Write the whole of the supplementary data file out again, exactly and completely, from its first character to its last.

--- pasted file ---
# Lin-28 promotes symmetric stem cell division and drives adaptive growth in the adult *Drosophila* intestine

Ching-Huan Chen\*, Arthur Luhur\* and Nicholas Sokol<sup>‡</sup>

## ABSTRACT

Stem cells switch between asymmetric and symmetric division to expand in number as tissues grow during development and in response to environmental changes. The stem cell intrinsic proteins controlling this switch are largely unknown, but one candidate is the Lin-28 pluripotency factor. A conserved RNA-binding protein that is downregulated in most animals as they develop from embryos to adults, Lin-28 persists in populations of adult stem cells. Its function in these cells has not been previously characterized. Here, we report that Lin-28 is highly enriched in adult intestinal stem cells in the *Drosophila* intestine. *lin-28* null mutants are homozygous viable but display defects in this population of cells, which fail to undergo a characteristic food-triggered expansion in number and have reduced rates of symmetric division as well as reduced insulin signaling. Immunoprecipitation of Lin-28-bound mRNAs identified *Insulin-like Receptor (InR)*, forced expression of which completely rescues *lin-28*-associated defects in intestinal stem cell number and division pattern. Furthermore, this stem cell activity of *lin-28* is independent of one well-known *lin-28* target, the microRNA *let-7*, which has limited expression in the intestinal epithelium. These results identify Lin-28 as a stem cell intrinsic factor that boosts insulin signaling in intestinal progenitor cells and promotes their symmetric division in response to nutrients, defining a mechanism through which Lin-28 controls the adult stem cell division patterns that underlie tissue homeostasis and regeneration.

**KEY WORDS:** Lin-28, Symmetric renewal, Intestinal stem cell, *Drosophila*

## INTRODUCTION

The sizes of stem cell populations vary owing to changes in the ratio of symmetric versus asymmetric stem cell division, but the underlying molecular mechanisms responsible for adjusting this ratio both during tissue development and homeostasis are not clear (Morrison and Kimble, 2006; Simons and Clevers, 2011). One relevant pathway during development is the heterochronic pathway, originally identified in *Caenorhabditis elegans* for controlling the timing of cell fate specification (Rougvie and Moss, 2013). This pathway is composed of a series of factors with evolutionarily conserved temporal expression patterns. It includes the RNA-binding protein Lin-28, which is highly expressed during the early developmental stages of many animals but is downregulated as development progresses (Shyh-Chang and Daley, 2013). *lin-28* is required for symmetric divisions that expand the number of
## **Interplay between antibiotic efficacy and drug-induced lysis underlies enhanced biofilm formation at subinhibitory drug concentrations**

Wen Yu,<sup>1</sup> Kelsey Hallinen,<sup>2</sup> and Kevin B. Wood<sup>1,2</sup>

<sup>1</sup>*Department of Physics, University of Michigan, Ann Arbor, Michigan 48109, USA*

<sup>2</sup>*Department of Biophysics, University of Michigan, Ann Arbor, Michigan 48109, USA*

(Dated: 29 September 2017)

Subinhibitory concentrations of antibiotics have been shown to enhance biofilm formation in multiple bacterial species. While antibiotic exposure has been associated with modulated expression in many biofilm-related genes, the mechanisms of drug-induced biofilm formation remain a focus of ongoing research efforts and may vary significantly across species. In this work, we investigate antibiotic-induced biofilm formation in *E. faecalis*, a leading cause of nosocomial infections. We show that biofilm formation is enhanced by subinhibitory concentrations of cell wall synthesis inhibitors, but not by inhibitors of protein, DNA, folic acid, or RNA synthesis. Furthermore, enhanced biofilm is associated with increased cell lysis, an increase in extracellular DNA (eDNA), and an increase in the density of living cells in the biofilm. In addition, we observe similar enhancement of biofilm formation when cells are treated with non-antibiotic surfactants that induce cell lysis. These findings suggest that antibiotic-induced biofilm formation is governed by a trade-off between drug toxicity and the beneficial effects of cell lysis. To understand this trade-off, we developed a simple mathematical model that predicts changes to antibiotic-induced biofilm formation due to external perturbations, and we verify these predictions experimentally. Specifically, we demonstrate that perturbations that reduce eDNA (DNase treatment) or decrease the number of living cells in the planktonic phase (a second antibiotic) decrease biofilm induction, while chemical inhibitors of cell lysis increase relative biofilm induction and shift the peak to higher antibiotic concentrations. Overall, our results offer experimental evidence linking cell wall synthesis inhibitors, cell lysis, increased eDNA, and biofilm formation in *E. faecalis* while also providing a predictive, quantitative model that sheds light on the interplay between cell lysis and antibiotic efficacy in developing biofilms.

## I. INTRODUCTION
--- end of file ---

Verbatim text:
# Lin-28 promotes symmetric stem cell division and drives adaptive growth in the adult *Drosophila* intestine

Ching-Huan Chen\*, Arthur Luhur\* and Nicholas Sokol<sup>‡</sup>

## ABSTRACT

Stem cells switch between asymmetric and symmetric division to expand in number as tissues grow during development and in response to environmental changes. The stem cell intrinsic proteins controlling this switch are largely unknown, but one candidate is the Lin-28 pluripotency factor. A conserved RNA-binding protein that is downregulated in most animals as they develop from embryos to adults, Lin-28 persists in populations of adult stem cells. Its function in these cells has not been previously characterized. Here, we report that Lin-28 is highly enriched in adult intestinal stem cells in the *Drosophila* intestine. *lin-28* null mutants are homozygous viable but display defects in this population of cells, which fail to undergo a characteristic food-triggered expansion in number and have reduced rates of symmetric division as well as reduced insulin signaling. Immunoprecipitation of Lin-28-bound mRNAs identified *Insulin-like Receptor (InR)*, forced expression of which completely rescues *lin-28*-associated defects in intestinal stem cell number and division pattern. Furthermore, this stem cell activity of *lin-28* is independent of one well-known *lin-28* target, the microRNA *let-7*, which has limited expression in the intestinal epithelium. These results identify Lin-28 as a stem cell intrinsic factor that boosts insulin signaling in intestinal progenitor cells and promotes their symmetric division in response to nutrients, defining a mechanism through which Lin-28 controls the adult stem cell division patterns that underlie tissue homeostasis and regeneration.

**KEY WORDS:** Lin-28, Symmetric renewal, Intestinal stem cell, *Drosophila*

## INTRODUCTION

The sizes of stem cell populations vary owing to changes in the ratio of symmetric versus asymmetric stem cell division, but the underlying molecular mechanisms responsible for adjusting this ratio both during tissue development and homeostasis are not clear (Morrison and Kimble, 2006; Simons and Clevers, 2011). One relevant pathway during development is the heterochronic pathway, originally identified in *Caenorhabditis elegans* for controlling the timing of cell fate specification (Rougvie and Moss, 2013). This pathway is composed of a series of factors with evolutionarily conserved temporal expression patterns. It includes the RNA-binding protein Lin-28, which is highly expressed during the early developmental stages of many animals but is downregulated as development progresses (Shyh-Chang and Daley, 2013). *lin-28* is required for symmetric divisions that expand the number of
## **Interplay between antibiotic efficacy and drug-induced lysis underlies enhanced biofilm formation at subinhibitory drug concentrations**

Wen Yu,<sup>1</sup> Kelsey Hallinen,<sup>2</sup> and Kevin B. Wood<sup>1,2</sup>

<sup>1</sup>*Department of Physics, University of Michigan, Ann Arbor, Michigan 48109, USA*

<sup>2</sup>*Department of Biophysics, University of Michigan, Ann Arbor, Michigan 48109, USA*

(Dated: 29 September 2017)

Subinhibitory concentrations of antibiotics have been shown to enhance biofilm formation in multiple bacterial species. While antibiotic exposure has been associated with modulated expression in many biofilm-related genes, the mechanisms of drug-induced biofilm formation remain a focus of ongoing research efforts and may vary significantly across species. In this work, we investigate antibiotic-induced biofilm formation in *E. faecalis*, a leading cause of nosocomial infections. We show that biofilm formation is enhanced by subinhibitory concentrations of cell wall synthesis inhibitors, but not by inhibitors of protein, DNA, folic acid, or RNA synthesis. Furthermore, enhanced biofilm is associated with increased cell lysis, an increase in extracellular DNA (eDNA), and an increase in the density of living cells in the biofilm. In addition, we observe similar enhancement of biofilm formation when cells are treated with non-antibiotic surfactants that induce cell lysis. These findings suggest that antibiotic-induced biofilm formation is governed by a trade-off between drug toxicity and the beneficial effects of cell lysis. To understand this trade-off, we developed a simple mathematical model that predicts changes to antibiotic-induced biofilm formation due to external perturbations, and we verify these predictions experimentally. Specifically, we demonstrate that perturbations that reduce eDNA (DNase treatment) or decrease the number of living cells in the planktonic phase (a second antibiotic) decrease biofilm induction, while chemical inhibitors of cell lysis increase relative biofilm induction and shift the peak to higher antibiotic concentrations. Overall, our results offer experimental evidence linking cell wall synthesis inhibitors, cell lysis, increased eDNA, and biofilm formation in *E. faecalis* while also providing a predictive, quantitative model that sheds light on the interplay between cell lysis and antibiotic efficacy in developing biofilms.

## I. INTRODUCTION